Why Study History?
by Jonathan Zimmerman on Mar 19, 1997
We've all heard this expression, and we all know what it means. "That's history," or, even better, "That's ancient history," suggests that the past is irrelevant. Sure, history happened. But so what? And why, most of all, should we bother to learn it?
One stock answer is that history teaches "lessons." Trotting out George Santayana's hoary aphorism — "Those who forget the past are condemned to repeat it" — some people argue that history can help guide us into a more just, humane, and enlightened future. Scholars of social reform are especially prone to this perspective. By performing "experiments on dead people," to quote another well-worn cliche, history allows us to analyze which reforms have failed, which have worked, and, most importantly, which ones we might profitably revive today.
As a social liberal and a temperamental optimist, I find this viewpoint deeply inspiring. As an historian, however, I also find it hopelessly implausible. History can promote human improvement, I've come to believe, but not in the didactic or formulaic manner that terms like "lesson" and "experiment" imply. Instead, history helps us re-examine our most basic assumptions, beliefs, and ideologies. It complicates our lives, making us wiser people if not wiser policymakers.
The current debate over same-sex marriage provides a rich illustration of the use, and mis-use, of history. Pressing to lift the ban on gay unions, proponents correctly note that interracial marriages were also illegal for most of America's past. Sixteen states still prohibited black-white marriage in 1967, when the Supreme Court's evocatively entitled Loving v. Virginia decision struck down such measures. Moreover, segregationist arguments against "race-mixing" (it's unnatural, it violates Christian sensibilities, and it will spark even more prejudice and discrimination) bore a remarkable resemblance to modern arguments against gay marriage. So, advocates argue, history "proves" that bans on same-sex unions are just as bigoted and misguided as the racial restrictions that preceded them.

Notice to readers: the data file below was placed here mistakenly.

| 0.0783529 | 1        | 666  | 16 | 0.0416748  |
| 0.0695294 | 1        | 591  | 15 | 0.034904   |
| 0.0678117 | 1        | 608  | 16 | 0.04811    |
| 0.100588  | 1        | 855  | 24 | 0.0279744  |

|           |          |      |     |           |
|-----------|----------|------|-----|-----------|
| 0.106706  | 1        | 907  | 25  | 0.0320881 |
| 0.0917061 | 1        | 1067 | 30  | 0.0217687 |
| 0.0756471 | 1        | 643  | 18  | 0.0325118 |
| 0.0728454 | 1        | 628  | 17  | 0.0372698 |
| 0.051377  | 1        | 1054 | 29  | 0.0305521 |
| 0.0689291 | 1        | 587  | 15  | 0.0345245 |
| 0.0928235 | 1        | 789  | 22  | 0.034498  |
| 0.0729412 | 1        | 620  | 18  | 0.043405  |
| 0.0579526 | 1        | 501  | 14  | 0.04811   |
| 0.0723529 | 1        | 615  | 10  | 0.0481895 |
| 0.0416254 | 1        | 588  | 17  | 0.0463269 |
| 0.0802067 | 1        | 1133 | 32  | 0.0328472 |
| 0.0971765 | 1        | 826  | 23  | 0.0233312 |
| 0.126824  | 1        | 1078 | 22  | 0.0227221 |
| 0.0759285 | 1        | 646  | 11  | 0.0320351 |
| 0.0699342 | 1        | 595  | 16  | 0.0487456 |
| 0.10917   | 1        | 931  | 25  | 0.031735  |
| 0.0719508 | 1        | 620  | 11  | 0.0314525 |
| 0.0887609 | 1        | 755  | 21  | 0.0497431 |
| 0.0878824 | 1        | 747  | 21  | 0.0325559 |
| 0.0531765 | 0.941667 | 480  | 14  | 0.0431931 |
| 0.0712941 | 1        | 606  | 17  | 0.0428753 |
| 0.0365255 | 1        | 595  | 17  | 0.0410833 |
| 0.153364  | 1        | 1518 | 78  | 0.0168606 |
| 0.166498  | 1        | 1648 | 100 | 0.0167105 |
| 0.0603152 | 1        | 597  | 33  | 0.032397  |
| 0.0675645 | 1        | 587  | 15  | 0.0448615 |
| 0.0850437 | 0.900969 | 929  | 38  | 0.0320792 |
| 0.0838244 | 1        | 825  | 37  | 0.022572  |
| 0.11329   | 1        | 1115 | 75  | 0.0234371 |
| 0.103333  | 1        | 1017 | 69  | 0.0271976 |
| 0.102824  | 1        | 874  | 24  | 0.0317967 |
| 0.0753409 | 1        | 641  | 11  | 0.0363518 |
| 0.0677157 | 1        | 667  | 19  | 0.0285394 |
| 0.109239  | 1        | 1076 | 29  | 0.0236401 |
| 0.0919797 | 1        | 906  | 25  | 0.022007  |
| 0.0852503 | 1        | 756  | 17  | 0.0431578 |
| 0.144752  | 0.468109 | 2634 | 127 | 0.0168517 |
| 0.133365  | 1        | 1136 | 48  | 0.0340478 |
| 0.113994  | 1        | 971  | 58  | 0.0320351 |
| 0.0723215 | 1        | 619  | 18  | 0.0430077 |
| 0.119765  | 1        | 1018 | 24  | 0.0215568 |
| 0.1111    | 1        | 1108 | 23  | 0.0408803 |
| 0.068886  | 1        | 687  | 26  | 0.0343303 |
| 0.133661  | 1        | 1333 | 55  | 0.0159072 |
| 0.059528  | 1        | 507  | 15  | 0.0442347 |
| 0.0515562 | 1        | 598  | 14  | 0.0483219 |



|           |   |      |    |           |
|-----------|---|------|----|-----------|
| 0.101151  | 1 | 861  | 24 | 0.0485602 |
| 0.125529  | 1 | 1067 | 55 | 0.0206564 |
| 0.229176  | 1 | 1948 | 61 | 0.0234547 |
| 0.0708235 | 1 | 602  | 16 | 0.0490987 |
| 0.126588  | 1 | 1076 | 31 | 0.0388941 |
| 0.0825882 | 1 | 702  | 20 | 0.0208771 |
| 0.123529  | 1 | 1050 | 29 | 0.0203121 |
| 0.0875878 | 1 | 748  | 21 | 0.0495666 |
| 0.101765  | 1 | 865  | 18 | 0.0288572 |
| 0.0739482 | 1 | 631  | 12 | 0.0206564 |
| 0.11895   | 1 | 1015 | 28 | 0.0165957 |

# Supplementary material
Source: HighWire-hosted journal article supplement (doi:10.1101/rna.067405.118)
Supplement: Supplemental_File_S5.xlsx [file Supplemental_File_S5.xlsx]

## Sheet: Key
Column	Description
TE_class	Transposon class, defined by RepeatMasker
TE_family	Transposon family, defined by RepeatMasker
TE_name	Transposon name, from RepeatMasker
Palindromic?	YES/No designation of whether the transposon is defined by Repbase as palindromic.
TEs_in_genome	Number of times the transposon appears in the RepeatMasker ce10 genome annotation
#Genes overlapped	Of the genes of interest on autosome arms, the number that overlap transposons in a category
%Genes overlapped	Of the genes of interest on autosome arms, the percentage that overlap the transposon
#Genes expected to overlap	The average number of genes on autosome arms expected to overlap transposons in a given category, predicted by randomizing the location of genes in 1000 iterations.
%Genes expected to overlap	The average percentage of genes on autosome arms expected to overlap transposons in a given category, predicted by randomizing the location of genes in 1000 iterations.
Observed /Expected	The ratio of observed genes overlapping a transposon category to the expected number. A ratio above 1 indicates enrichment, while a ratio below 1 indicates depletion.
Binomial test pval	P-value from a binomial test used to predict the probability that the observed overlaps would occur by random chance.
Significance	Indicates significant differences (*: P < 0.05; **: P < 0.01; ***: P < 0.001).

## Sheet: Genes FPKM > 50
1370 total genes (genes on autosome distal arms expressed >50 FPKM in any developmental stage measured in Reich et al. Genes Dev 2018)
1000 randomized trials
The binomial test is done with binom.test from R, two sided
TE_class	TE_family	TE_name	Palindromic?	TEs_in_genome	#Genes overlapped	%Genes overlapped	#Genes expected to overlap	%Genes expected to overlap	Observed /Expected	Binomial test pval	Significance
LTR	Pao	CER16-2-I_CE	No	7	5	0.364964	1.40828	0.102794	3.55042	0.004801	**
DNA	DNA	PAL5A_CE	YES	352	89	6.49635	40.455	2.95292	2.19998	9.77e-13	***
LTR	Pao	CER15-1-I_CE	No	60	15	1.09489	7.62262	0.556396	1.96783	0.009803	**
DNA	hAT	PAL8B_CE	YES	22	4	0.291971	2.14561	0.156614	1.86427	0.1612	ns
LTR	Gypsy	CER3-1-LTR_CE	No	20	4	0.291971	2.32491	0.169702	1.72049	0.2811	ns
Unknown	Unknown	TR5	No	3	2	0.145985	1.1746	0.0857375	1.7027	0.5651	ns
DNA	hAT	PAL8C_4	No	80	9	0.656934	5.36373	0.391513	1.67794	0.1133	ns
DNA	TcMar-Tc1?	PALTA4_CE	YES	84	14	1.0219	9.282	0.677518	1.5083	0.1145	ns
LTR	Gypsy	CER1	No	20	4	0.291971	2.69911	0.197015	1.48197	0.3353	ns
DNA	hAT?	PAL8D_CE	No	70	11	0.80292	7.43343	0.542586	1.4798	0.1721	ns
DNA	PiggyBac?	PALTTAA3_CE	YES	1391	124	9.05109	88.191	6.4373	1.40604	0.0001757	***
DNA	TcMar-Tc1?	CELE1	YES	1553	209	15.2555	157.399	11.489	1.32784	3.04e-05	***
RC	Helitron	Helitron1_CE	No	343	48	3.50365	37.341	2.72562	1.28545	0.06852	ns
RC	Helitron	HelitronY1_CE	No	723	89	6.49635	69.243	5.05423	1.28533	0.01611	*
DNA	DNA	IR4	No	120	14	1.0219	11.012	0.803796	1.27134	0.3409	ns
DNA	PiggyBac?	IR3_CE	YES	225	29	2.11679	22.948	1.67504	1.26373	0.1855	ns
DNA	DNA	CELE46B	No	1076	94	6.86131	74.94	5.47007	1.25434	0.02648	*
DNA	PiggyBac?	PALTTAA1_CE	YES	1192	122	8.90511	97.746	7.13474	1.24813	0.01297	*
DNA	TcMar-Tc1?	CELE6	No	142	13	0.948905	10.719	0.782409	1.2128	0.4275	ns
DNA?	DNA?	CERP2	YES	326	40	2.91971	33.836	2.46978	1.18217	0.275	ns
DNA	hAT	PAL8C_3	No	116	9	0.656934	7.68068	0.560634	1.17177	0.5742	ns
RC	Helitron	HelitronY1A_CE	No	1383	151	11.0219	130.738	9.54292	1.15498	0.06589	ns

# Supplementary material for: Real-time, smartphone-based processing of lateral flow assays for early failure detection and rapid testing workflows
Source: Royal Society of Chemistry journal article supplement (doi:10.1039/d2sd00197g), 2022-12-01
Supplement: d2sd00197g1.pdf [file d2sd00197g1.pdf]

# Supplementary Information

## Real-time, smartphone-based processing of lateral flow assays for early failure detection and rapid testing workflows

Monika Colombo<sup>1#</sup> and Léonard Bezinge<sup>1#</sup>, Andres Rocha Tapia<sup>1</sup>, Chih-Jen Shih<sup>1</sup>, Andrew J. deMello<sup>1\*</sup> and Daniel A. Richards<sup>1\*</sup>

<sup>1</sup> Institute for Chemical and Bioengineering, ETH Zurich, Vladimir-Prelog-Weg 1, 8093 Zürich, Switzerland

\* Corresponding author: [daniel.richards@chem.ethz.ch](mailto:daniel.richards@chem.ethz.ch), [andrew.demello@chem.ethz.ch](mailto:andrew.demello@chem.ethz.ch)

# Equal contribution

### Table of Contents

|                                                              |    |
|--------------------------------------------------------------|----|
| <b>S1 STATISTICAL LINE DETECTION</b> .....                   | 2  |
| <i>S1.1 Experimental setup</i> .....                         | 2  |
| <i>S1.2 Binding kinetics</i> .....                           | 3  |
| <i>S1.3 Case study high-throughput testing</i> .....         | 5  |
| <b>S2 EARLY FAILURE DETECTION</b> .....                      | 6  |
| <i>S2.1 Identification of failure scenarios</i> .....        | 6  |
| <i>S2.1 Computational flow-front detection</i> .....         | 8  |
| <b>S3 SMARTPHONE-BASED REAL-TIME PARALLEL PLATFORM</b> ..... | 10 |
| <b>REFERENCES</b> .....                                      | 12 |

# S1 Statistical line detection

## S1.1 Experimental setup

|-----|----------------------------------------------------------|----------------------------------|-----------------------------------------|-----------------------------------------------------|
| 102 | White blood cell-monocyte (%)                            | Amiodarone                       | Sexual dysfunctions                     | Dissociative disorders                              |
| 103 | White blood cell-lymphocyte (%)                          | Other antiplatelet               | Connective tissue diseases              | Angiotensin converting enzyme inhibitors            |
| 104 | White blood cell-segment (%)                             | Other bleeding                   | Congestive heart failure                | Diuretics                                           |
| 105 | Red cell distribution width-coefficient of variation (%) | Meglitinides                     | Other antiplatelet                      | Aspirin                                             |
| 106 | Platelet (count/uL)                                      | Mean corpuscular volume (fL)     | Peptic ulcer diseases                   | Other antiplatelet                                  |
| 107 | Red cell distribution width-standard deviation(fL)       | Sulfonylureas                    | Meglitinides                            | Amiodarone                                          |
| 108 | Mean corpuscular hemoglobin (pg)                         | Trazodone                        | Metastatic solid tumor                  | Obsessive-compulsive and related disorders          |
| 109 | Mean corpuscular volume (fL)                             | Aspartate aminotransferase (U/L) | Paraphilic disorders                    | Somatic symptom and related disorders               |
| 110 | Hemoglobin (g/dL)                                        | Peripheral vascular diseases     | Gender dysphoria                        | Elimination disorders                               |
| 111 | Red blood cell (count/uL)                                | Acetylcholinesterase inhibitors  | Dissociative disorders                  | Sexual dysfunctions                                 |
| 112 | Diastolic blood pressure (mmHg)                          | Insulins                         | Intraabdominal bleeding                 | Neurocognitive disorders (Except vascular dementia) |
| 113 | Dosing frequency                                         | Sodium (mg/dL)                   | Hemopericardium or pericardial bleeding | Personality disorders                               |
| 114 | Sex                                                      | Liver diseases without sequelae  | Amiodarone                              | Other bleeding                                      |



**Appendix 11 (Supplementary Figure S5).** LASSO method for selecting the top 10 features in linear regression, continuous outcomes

Logically, however, history "proves" nothing of the sort. Even if we admit that the arguments against interracial marriage were wrong, it does not follow that the same arguments, when applied to gay marriage, are wrong. I am personally and profoundly repulsed by bans on same-sex unions. But I don't think that I as an historian can demonstrate the wisdom of my opinion by invoking the history of black-white marriage.
So, what can the historian do? At a minimum, one can press opponents of gay unions to re-examine their assumptions about what is "natural" and "Christian." The only African-American on the Supreme Court, Clarence Thomas, says that gay marriage is an offense to his religion. But he is also married to a white woman, something that theologians (and judges!) once deemed just as odious.
Moreover, the historian can encourage people on both sides of the debate to question their claim (sometimes implicit, sometimes explicit) that removing the ban on gay marriage would unleash an avalanche of such unions. The history of black-white marriage suggests–not "proves" or even "shows," but suggests–something else. Despite the dire predictions of white racists, no mass interracial run to the altar occurred in the wake of the Loving decision.
Likewise, there may be much less desire among gays to get married than either their homophobe opponents or their straight allies imagine. In Mississippi, for example, more than three years elapsed between Loving and the state's first black-white marriage. But that, as they say, is history: it widens the road of choices before us, even if it may never illuminate the best road to choose.
Jonathan Zimmerman teaches history and education at New York University. He is the author of "Small Wonder: The Little Red Schoolhouse in History and Memory" (Yale University Press).